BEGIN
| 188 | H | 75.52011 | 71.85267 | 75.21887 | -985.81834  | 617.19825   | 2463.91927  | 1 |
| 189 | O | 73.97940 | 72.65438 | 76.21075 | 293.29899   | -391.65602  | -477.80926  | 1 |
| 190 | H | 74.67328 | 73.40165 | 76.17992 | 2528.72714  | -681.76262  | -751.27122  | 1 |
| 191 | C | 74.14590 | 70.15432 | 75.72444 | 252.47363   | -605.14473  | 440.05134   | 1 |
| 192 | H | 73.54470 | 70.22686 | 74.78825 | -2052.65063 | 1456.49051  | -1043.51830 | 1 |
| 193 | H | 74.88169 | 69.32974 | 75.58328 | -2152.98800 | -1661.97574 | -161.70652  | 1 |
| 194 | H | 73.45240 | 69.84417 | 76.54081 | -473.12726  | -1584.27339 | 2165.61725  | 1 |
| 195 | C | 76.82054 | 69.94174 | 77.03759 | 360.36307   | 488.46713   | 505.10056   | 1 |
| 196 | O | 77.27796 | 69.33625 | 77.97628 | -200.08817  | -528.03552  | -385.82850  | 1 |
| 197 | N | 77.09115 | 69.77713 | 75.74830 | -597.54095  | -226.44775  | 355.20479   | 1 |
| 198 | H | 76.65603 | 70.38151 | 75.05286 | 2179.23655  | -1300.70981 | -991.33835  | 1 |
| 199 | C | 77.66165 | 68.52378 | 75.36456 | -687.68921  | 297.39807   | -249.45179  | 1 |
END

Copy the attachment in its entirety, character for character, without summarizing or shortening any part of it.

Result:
| 188 | H | 75.52011 | 71.85267 | 75.21887 | -985.81834  | 617.19825   | 2463.91927  | 1 |
| 189 | O | 73.97940 | 72.65438 | 76.21075 | 293.29899   | -391.65602  | -477.80926  | 1 |
| 190 | H | 74.67328 | 73.40165 | 76.17992 | 2528.72714  | -681.76262  | -751.27122  | 1 |
| 191 | C | 74.14590 | 70.15432 | 75.72444 | 252.47363   | -605.14473  | 440.05134   | 1 |
| 192 | H | 73.54470 | 70.22686 | 74.78825 | -2052.65063 | 1456.49051  | -1043.51830 | 1 |
| 193 | H | 74.88169 | 69.32974 | 75.58328 | -2152.98800 | -1661.97574 | -161.70652  | 1 |
| 194 | H | 73.45240 | 69.84417 | 76.54081 | -473.12726  | -1584.27339 | 2165.61725  | 1 |
| 195 | C | 76.82054 | 69.94174 | 77.03759 | 360.36307   | 488.46713   | 505.10056   | 1 |
| 196 | O | 77.27796 | 69.33625 | 77.97628 | -200.08817  | -528.03552  | -385.82850  | 1 |
| 197 | N | 77.09115 | 69.77713 | 75.74830 | -597.54095  | -226.44775  | 355.20479   | 1 |
| 198 | H | 76.65603 | 70.38151 | 75.05286 | 2179.23655  | -1300.70981 | -991.33835  | 1 |
| 199 | C | 77.66165 | 68.52378 | 75.36456 | -687.68921  | 297.39807   | -249.45179  | 1 |